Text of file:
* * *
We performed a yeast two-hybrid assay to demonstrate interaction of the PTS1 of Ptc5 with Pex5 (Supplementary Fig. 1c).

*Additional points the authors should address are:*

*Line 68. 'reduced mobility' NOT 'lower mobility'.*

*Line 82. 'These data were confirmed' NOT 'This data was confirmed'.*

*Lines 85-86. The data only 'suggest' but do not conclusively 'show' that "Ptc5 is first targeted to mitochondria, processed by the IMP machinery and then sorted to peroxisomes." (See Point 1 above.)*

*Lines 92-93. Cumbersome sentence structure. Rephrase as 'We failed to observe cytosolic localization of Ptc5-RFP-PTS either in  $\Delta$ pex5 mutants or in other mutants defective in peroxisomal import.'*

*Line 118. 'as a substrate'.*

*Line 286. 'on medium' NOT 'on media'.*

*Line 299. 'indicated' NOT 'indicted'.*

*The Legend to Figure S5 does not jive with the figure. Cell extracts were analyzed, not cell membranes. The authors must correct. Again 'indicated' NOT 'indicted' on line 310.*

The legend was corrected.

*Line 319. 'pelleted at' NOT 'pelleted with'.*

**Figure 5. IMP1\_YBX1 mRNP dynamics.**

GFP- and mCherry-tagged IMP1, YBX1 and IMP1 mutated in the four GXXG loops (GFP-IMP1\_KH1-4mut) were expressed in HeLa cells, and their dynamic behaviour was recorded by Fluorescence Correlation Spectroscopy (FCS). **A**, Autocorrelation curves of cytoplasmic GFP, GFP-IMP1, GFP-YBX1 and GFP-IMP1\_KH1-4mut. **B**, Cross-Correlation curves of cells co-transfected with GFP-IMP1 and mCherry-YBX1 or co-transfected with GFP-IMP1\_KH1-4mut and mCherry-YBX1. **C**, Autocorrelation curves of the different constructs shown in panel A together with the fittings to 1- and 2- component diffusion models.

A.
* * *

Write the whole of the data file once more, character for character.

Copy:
We performed a yeast two-hybrid assay to demonstrate interaction of the PTS1 of Ptc5 with Pex5 (Supplementary Fig. 1c).

*Additional points the authors should address are:*

*Line 68. 'reduced mobility' NOT 'lower mobility'.*

*Line 82. 'These data were confirmed' NOT 'This data was confirmed'.*

*Lines 85-86. The data only 'suggest' but do not conclusively 'show' that "Ptc5 is first targeted to mitochondria, processed by the IMP machinery and then sorted to peroxisomes." (See Point 1 above.)*

*Lines 92-93. Cumbersome sentence structure. Rephrase as 'We failed to observe cytosolic localization of Ptc5-RFP-PTS either in  $\Delta$ pex5 mutants or in other mutants defective in peroxisomal import.'*

*Line 118. 'as a substrate'.*

*Line 286. 'on medium' NOT 'on media'.*

*Line 299. 'indicated' NOT 'indicted'.*

*The Legend to Figure S5 does not jive with the figure. Cell extracts were analyzed, not cell membranes. The authors must correct. Again 'indicated' NOT 'indicted' on line 310.*

The legend was corrected.

*Line 319. 'pelleted at' NOT 'pelleted with'.*

**Figure 5. IMP1\_YBX1 mRNP dynamics.**

GFP- and mCherry-tagged IMP1, YBX1 and IMP1 mutated in the four GXXG loops (GFP-IMP1\_KH1-4mut) were expressed in HeLa cells, and their dynamic behaviour was recorded by Fluorescence Correlation Spectroscopy (FCS). **A**, Autocorrelation curves of cytoplasmic GFP, GFP-IMP1, GFP-YBX1 and GFP-IMP1\_KH1-4mut. **B**, Cross-Correlation curves of cells co-transfected with GFP-IMP1 and mCherry-YBX1 or co-transfected with GFP-IMP1\_KH1-4mut and mCherry-YBX1. **C**, Autocorrelation curves of the different constructs shown in panel A together with the fittings to 1- and 2- component diffusion models.

A.